Tuesday, May 29, 2007
This is a place to lose yourself turning the pages of books and examining the art of the various periods which found its way into textiles as well as onto the pages of books.
Sunday, May 27, 2007
I was a member of CompuServe back in the day and a sysop for one of the content forums (Fibercrafts). We originally moderated message boards using ASCII commands. Amazing!
CompuServe pioneered several communication gadgets for us ordinary keyboard enthusiasts. They made it possible to tap into SpryMosaic, Live Chat Rooms, the start of the social network. They fostered invention of the GIF format, and yes it is pronounced "JIF" folks.
On one of the anniversaries of the GIF's invention, I wrote a bit of doggerel for the inventors:
Oh GIF so sweet
Oh GIF divine
You show me yours
I'll show you mine.
Hooray for all the hours extremely talented folks have invested in making cyberspace so rich for all of us. It is hard to believe how far we have progressed in such a relatively short span of years.
love your little verse almost worthusing on a sampler!
Friday, May 25, 2007
Their work is not just hobby quality however. These stitchers are trained to professional workshop level of skill by the Embroiderer's Guild and tutors from the Royal School of Needlework.
They are paid significant sums for their work and thus often avoid one of the worst problems faced by ex-offenders - inability to establish themselves when released from prison. They are also able to use earned funds to assist their families or buy items to improve their quality of life while in prison.
They undertake commissions and will even complete your WIP's for a fee. Get lost in the site, take a look at their quality work, read the comments by tutors, wardens, prisoners and customers and if you feel moved, commission a cushion and provide the funds to train an inmate in embroidery skills.
Labels: Needlework Prison Schemes
Thursday, May 24, 2007
I'm doing some heavy duty thinking about some plans for 2008. Working on the format, location and details of a couple of needlework retreats for next year.
An English friend has promised to visit and do one of the events and I've been discussing another weekend, in a different city with another designer friend.
Of course they will be very historical and a little bit hysterical, and seriously stitchy.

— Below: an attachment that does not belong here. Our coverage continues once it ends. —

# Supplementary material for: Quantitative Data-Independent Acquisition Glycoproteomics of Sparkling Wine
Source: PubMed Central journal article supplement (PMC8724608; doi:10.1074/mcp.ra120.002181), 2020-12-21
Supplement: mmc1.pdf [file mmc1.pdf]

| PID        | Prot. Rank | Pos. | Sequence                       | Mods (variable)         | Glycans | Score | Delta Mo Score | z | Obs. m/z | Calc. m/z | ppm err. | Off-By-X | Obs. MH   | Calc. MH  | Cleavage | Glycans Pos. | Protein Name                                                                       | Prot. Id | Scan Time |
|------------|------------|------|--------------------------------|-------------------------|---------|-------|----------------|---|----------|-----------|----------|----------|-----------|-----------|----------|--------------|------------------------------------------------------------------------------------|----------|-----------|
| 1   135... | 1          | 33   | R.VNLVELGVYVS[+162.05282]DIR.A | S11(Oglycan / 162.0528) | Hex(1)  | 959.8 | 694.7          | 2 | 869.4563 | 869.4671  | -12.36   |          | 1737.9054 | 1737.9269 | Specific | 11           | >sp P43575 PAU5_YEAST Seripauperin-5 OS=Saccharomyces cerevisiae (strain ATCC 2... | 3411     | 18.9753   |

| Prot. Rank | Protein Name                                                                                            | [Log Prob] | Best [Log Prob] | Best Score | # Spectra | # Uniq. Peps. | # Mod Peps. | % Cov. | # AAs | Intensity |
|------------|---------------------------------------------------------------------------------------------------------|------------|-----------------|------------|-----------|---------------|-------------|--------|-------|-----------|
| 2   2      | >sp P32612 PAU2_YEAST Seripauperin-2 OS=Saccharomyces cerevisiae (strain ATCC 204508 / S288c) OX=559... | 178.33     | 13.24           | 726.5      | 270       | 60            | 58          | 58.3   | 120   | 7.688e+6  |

More later - watch this space
Labels: Needlework Retreat
Wednesday, May 23, 2007
However, the medieval tapestries with their rich colors, big-screen costumes, gripping storylines set my textile antennae into a frenzy.
The Victoria and Albert Museum (my home away from home) has recently added a micro-site to their cyber world. It features some of the material from a 2003 Gothic exhibit which was extremely well mounted. I highly recommend the catalog of this exhibit.
This site is dedicted to tapestry weaving and is concise but also offers a bibliography and a links list that can take you further and further into the medieval world.
Check it out for a bit of information on tapestry weaving and to see a modern weaver's journey into early tapestry weaving techniques.
Monday, May 21, 2007
Very early on these artisans formed professional workshops and produced textiles for both the domestic and export markets. They produced export textiles in various styles to please their international customers and wove humble garments for their local communities.
The California Academy of Sciences, Department of Anthropology has a well presented site featuring their history and collections.
Click on the link to their Coptic Textiles Collection and you will find sections covering history of the Copts, weaving technology, stylistic groups, etc.
A good, concise presentation that makes an excellent introduction to these textiles.
Once a month the Shelbyville Satellite group of the Nashville EGA chapter meets for a Saturday of stitching and lunch. This is the sort of stitching in a group that I like. Very short on formal business (just enough to get by) and very long on stitching, friendship and good food.
This week we started on a group project we need to have finished by November. Christmas ornaments for a tree in a local bank. Each year a different local Shelbyville bank is chosen to have the use of the ornaments during the holiday season. This year's theme - snowflakes in blue, white and metallics. So, I get to stitch something besides a model. What a nice change.
Saturday, May 19, 2007
The Minnesota School of Botanical Art offers classes and certificated courses of study. Dedicated to the beautiful art of botanical illustration, their site offers galleries of students and instructors. Be inspired to turn them all into needlework designs.
The Ngurratjuta Iltja NtjarraMany Hands Art Centre in Alice Springs, is another art school and center that inspires their students and artists by preserving aboriginal art and encouraging local artists. Again, their galleries are a delight.
hope you are over your sniffles or have found some drug to combat the season
Friday, May 18, 2007
Don't worry faithful readers - it will improve.
Tuesday, May 15, 2007
So even if they don't particularly pertain to textile arts (other than perhaps in the sail department), I was fascinated by Julian Dixon's PolylingualTranslating Dictionary and Glossary for Viking Ships and other ancient Sailing Craft.
Thanks to SCA Today for the link.
Sunday, May 13, 2007
Labels: Life the Universe and Everything
Friday, May 11, 2007
For a basic intro to fractals try Jim Tucek of Washington University in St. Louis' page.
For an deeper dive into the subject take a look at The Fractory Be warned, the site uses a dark background. I find dark backgrounds difficult.